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Is AI Coming For Art?

Not anytime soon.

Advances in technology always results in winners and losers in the great scheme of human endeavor.

The Industrial Revolution, which gave us the word “sabotage.” There are competing theories on the word’s etymology, but the more satisfying one has to do with the invention of the Jacquard loom by by none other than Joseph Marie Jacquard in 1801. Jacquard’s innovation was to use punch cards to automate the raising and lowering of warp thread and so, without going into further detail, the machines could weave fabric much faster than any human. Of course, that meant a lot of weavers suddenly found themselves jobless. Textile workers, understandably outraged, retaliated by throwing their clogs, called “sabots” in French, into the machine’s delicate workings.

Well, they tried, but in the end, the machines–and the capitalists–won.

From what I can see, tech advances that impact labor arise from the “bottom” up, and its effects are generally ignored by labor whose work lies outside the affected industries. Automobile assembly lines. Keypunch operators, who punched holes into stiff paper cards so to be machine read. And so many more.

For rote jobs, technology always wins.

The one thing these jobs had in common was that after one gained proficiency, an employee could pretty much work on autopilot. “Mind-numbing,” in other words. I think that’s really a misnomer. The repetitive work freed the mind to wander wherever it wanted to go.

And then the robots invaded the auto assembly lines. PCs in the workplace allowed employees to enter their own information into the system or whatever other information was required, eliminating the need for keypunch operators. Assembly line workers and their unions made a stink, their grievances making the national news for a hot minute. I don’t remember hearing anything about the keypunch operators.

But like the French textile workers, the machines–and the capitalists–won.

These days, technology is no longer doing what laborers at the “bottom” used to do. Tech has worked its way up into the “higher” echelons, where labor comes mainly from brainpower, not brawn.

That technology is AI, and what a firestorm of a debate is raging now!

AI is competent–but not necessarily good.

As a creative, most of my attention has been on the question of whether AI-generated literature and art, assuming they qualify as art, can replace that produced by humans. I decided to take a break from listening and do some investigating.

Literature. I read several AI-generated pieces–children’s to adult, some genre, others literary. The writing was impeccable, and amazingly…flat. The one that sticks out was about a little girl who walks into the woods, meets a dragon, and of course, there’s danger. The descriptions of the character moving through space were well done. But that’s it. No emotion. No motivation. No worldbuilding. Like, the little girl is in the woods picking flowers. How does she feel about it? Is ravaging forest vegetation one of her favorite pastimes? When she meets the talking salamander, is she startled or scared that a salamander can talk? Or is this sort of thing ho-hum in her world? The dialogue, stilted. Reminded me of the children’s reading textbook I had in 1st grade. Both–the textbook and the story–were incredibly boring.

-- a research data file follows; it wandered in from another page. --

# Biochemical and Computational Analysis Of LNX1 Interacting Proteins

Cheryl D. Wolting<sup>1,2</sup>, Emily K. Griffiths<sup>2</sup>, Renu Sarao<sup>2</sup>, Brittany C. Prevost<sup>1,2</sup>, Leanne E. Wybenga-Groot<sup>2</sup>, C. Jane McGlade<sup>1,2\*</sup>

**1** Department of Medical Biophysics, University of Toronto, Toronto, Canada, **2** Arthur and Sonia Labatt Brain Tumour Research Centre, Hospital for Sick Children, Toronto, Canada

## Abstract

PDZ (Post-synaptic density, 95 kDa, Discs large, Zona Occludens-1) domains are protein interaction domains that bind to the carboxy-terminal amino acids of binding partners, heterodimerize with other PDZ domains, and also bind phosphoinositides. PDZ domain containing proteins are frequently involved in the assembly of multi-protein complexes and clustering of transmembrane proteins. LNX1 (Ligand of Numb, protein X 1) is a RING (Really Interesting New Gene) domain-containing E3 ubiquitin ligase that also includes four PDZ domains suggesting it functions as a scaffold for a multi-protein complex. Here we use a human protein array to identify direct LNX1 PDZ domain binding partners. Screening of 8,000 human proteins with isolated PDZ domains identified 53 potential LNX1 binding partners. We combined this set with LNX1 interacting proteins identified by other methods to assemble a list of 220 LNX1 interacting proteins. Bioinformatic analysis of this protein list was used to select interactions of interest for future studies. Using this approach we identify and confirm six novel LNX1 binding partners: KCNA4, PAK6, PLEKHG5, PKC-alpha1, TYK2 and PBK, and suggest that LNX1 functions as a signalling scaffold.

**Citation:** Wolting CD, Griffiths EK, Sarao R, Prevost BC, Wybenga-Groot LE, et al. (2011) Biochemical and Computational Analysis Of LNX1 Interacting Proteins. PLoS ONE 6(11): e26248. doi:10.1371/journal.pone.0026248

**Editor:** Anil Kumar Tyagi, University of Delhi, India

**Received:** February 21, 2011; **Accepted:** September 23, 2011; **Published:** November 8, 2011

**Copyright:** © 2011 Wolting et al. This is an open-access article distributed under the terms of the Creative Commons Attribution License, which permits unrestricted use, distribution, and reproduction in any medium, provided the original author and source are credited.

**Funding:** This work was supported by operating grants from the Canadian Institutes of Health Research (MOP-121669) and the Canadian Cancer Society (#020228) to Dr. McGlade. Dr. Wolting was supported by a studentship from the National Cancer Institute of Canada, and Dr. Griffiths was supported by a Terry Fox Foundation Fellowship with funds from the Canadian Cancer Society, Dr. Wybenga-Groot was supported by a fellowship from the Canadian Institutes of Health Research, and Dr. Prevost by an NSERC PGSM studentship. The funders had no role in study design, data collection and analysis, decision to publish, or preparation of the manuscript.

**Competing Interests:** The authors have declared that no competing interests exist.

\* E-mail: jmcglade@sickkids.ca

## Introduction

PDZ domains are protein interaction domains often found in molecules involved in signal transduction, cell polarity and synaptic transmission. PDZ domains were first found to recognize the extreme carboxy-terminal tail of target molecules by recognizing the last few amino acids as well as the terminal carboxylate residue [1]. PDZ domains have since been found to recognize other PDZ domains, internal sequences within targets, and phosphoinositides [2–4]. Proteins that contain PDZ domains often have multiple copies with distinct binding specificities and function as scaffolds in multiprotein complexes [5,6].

Visual art. Stunning detail and execution. But…flat. Like photorealism without the realism. Still lifes, like vases with flowers, come off better than figures, but even then, to quote Gertrude Stein, “there’s no there, there.” Like AI literature, AI visual art is ultimately boring.

Lawyers might be in trouble, though.

Now, I can see AI writing displacing those in some professions. Law. Legal writing is as about as dry as you can get outside of accounting. Let’s throw in economics, too. Text that’s totally unimaginative because imagination has no place in that kind of writing. And I can see AI displacing commercial art, at least some types. TOR has been criticized for using a piece of AI art for a sci-fi book cover. I’ll grant that the AI’s piece had potential. But to make it work, TOR’s artist had to do a LOT of tweaking. And for the sub-genre (think The Martian) it comes across just fine–after the tweaking, that is. What about a romance cover? Sure…after tweaking.

Although, to be honest, I can see publishers regularly opting for AI covers, at least as a basis for the finished work. Cheaper than an in-house artist creating from scratch, and they probably won’t need as many artists. After all, AIs don’t need to eat or pay rent.

So, in the end, I don’t think AI can replace human-generated literature and visual art. For visual art, it’s good enough to hang in your living room if works sans emotion turn you on. Like velvet paintings. But rest assured, you won’t see it being auctioned at Sotheby’s.

This is not to say it won’t, ever. For now, though, most creatives don’t have much to worry about.



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